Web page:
One of the few good news items yesterday (don’t ask but it involves more tests) was my discovery that we have a major exhibition of the work of William Blake in London over the Christmas period, which means I can make it and daughter is also interested which is a bonus. I’m not sure if it will include the Job sequence (from which the illustration here is drawn) and of course he never finished his work on Dante’s Inferno although what remains is amongst his finest work. To me, he exemplifies the Romantic period, for his painting and his poetry.
I first came across him at University where I attended my first SCM GA at a retreat Centre somewhere near Drogheda in Ireland. Movement, the SCM Journal has just published a special edition on Blake with the Irish Secretary as guest editor and we talked about religion and politics through the lens of his pictures and writing. Black has a unique ability to demonstrate ambiguity as a means to gain meaning. This painting of Job’s dream shows God as tempter with cloven hoofs and an entwined serpents. His famous painting of Newton shows the scientist in a religious form and so on. My post a couple of days ago on aesthetics should probably have referenced this. To returnk to the three aspects of that post; Blake is wonderfully, gloriously sensory in his painting and language, he reimagines by providing new perspectives and insights and through that creates an ability to gain meaning. Black is engaged with the world through abstraction not removed from it.
That first encounter was also memorable for a pilgrimage walk through New Grange and (I think) my first meeting with Mary Condren . There was also a slightly confrontational Well if you want us to go to the Battle of the Boyne site then how about popping over to see the head of the (then he is now a Saint) Blessed Oliver Plunkett’s head between Protestant and Catholic members of the group. For those not familiar with the politics, the Battle of the Boyne is an iconic event for the Unionist community, while Plunkett was set up in the 17C Popish plot and was the last Catholic Martyr to be hung, drawn and quartered at Tyburn. This was the late 1974 from memory, maybe 1973 so the height of The Troubles with Bloody Sunday a recent memory and the start of internment. These were serious matters and serious times and for many from the ‘mainland’, it was a first encounter with the realities of sectarianism. That whole period left scars on all of us, even those of us tangential to the process and remains a motivation behind my hostility to superficial approaches to peace and reconciliation that has spilt over into my frequent attacks on the use of pious platitudes in organisational change initiatives. I’d like to recount the use of Blake in our own conversations late into the evenings of the GA, but it was also my first encounter with Black Bush. So I know the discussion took place, I know it was insightful but my memories are blurred and probably best so!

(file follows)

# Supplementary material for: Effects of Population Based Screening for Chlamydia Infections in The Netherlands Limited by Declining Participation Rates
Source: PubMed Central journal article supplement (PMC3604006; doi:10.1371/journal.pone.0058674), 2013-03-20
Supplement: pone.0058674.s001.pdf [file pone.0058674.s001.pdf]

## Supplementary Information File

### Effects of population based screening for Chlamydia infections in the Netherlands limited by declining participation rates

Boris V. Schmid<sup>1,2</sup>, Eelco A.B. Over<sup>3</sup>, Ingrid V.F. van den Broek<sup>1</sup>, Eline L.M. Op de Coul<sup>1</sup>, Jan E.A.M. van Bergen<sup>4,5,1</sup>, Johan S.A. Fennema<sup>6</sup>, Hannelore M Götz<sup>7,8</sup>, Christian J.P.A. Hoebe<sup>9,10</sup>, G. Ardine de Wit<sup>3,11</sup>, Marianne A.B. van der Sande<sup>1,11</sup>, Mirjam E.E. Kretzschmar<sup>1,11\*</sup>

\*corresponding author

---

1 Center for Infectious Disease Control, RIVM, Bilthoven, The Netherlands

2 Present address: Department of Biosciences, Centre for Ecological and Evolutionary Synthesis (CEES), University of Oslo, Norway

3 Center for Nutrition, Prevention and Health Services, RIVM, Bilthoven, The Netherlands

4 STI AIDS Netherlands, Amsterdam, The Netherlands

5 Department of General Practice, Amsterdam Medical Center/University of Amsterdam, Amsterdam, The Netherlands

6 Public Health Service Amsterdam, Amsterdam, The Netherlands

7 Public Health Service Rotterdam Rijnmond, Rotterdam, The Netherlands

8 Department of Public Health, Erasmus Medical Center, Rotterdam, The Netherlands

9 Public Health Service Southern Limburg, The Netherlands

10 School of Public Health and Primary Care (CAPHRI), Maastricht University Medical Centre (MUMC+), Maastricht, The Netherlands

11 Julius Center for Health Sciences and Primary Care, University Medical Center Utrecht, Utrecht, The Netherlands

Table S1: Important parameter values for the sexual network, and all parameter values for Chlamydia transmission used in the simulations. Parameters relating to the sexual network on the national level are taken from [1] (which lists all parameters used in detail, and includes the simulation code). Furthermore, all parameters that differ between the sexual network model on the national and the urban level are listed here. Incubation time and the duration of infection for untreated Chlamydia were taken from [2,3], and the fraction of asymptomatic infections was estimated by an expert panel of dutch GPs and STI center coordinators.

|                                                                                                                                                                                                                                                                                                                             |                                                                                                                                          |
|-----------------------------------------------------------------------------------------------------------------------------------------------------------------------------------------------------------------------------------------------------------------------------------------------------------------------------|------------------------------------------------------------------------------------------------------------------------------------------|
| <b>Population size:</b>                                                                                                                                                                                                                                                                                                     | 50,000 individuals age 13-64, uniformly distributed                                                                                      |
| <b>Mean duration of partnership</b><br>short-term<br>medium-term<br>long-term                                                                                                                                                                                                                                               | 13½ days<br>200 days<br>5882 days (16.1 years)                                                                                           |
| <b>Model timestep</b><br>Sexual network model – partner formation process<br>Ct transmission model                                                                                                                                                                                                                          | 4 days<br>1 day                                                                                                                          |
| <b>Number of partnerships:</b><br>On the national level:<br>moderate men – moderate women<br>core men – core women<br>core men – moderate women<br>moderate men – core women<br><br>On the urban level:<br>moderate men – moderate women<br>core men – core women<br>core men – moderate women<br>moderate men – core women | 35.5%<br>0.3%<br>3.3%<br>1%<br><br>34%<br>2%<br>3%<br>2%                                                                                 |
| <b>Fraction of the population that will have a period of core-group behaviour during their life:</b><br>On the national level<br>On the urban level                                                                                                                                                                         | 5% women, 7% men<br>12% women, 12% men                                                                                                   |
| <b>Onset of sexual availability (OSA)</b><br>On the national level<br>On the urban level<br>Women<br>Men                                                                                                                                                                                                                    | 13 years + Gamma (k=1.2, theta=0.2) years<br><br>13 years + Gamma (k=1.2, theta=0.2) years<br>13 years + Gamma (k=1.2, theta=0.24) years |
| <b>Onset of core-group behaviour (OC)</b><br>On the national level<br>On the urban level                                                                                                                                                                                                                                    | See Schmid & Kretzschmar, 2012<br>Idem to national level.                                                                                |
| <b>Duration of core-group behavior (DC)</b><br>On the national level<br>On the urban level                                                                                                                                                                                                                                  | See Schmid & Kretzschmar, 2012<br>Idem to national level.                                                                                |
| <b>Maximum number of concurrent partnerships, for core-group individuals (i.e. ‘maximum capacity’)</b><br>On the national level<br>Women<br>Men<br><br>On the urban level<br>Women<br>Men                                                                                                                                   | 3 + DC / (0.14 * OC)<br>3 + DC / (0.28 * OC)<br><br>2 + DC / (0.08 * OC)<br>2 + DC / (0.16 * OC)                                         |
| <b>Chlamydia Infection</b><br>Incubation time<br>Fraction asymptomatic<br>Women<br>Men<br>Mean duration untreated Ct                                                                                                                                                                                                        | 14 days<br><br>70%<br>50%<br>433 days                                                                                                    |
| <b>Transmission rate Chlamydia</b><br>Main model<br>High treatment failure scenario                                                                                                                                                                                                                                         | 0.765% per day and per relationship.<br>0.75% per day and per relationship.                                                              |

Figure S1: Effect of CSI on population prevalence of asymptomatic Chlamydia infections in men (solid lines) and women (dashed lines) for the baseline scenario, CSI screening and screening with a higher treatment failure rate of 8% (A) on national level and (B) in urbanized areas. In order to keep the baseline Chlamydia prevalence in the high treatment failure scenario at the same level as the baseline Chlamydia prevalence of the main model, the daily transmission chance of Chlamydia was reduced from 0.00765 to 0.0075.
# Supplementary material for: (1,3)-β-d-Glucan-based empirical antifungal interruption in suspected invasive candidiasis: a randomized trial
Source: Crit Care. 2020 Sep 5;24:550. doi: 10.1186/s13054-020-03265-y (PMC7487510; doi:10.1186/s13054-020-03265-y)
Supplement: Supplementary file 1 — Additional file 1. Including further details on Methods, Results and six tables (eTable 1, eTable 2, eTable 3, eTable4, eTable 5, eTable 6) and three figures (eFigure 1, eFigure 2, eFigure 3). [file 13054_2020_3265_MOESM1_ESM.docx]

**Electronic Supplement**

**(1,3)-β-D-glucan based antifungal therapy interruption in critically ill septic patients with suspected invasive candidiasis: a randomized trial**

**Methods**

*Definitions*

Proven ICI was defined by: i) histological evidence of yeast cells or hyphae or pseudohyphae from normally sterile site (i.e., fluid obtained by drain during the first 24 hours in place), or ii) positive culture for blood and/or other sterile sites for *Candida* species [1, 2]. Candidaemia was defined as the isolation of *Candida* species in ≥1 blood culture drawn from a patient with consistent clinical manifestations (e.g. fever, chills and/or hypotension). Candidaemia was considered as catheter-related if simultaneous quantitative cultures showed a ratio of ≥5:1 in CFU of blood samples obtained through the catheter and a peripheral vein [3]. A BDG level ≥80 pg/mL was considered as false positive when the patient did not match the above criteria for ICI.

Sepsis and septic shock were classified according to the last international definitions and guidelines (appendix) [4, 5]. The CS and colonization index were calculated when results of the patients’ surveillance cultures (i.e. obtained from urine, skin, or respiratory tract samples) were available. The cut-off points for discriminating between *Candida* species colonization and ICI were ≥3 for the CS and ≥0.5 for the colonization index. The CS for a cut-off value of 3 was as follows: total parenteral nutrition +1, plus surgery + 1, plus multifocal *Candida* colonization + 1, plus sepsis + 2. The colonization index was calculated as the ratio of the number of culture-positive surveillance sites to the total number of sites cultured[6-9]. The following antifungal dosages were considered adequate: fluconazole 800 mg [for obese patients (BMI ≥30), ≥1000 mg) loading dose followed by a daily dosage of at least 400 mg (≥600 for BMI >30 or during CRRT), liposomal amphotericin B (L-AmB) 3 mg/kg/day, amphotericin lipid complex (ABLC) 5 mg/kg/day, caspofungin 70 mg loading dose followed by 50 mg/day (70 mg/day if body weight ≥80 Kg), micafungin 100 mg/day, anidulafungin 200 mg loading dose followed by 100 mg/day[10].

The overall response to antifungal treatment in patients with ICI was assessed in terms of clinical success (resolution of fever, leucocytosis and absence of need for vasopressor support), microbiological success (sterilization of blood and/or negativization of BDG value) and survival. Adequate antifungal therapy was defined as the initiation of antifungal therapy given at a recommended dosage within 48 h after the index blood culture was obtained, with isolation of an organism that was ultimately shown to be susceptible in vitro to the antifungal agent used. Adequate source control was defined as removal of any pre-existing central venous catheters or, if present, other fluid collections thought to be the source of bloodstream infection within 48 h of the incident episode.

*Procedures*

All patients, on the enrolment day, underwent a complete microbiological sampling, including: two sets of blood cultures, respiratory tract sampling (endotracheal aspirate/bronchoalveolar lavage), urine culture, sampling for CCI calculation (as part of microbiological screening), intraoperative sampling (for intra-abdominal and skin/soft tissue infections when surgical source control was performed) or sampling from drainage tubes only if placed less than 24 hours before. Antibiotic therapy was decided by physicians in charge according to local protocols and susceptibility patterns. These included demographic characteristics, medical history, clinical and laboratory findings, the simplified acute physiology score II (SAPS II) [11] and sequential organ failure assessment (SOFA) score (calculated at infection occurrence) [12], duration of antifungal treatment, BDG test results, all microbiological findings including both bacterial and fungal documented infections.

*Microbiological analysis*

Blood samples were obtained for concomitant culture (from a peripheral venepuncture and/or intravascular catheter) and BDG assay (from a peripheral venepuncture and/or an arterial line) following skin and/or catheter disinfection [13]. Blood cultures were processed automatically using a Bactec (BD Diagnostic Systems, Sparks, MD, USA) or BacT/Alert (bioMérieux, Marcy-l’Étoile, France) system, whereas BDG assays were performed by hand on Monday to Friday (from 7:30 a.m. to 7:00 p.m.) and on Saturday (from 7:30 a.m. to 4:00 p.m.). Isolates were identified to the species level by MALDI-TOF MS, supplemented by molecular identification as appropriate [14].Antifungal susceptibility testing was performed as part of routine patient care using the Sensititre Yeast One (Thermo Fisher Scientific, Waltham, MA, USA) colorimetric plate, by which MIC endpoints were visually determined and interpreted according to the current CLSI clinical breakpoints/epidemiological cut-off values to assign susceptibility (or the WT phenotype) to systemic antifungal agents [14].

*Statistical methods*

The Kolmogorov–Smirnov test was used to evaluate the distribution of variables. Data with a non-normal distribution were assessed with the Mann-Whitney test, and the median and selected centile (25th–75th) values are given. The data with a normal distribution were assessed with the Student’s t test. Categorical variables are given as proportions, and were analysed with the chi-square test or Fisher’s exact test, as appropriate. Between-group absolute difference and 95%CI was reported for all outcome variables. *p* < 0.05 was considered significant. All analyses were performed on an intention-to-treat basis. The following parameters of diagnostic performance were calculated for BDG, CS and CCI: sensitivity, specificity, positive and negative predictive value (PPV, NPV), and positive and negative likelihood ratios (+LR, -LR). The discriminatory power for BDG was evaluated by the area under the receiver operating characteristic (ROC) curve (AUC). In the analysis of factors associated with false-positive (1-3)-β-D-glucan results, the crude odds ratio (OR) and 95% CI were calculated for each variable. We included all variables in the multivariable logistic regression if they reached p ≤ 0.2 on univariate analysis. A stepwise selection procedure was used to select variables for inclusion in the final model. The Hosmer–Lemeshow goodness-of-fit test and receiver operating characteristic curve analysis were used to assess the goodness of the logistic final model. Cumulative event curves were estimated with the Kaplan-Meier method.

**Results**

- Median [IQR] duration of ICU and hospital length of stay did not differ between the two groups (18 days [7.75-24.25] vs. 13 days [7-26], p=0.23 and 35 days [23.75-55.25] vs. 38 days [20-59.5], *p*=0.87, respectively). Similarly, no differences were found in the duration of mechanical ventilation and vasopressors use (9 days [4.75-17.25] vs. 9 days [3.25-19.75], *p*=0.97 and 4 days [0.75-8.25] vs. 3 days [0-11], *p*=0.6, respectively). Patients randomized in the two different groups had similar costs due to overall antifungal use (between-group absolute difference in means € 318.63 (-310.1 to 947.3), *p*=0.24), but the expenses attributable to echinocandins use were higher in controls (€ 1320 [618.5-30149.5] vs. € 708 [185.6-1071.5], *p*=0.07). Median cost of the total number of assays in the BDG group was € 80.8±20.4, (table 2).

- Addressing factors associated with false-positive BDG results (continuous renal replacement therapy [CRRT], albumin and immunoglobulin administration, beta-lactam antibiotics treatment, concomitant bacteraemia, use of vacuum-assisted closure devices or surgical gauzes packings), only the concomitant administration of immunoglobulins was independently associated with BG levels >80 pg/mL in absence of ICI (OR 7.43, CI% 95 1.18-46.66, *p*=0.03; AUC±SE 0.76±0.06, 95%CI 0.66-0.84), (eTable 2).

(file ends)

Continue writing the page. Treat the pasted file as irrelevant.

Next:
Returning to Blake, Hugh of Gaping Void brilliantly illustrated what is probably Blake’s best known poem and I made a present of the limited edition print they produced to my daughter and it has travelled with her through multiple lodges. To save you looking it up, I’ll conclude with the full text.
Tyger Tyger, burning bright,
In the forests of the night;
What immortal hand or eye,
Could frame thy fearful symmetry?
In what distant deeps or skies,
Burnt the fire of thine eyes?
On what wings dare he aspire?
What the hand, dare seize the fire?
And what shoulder, & what art,
Could twist the sinews of thy heart?
And when thy heart began to beat,
What dread hand? & what dread feet?
What the hammer? what the chain,
In what furnace was thy brain?
What the anvil? what dread grasp,
Dare its deadly terrors clasp!
When the stars threw down their spears
And water’d heaven with their tears:
Did he smile his work to see?
Did he who made the Lamb make thee?
Tyger Tyger burning bright,
In the forests of the night:
What immortal hand or eye,
Dare frame thy fearful symmetry?
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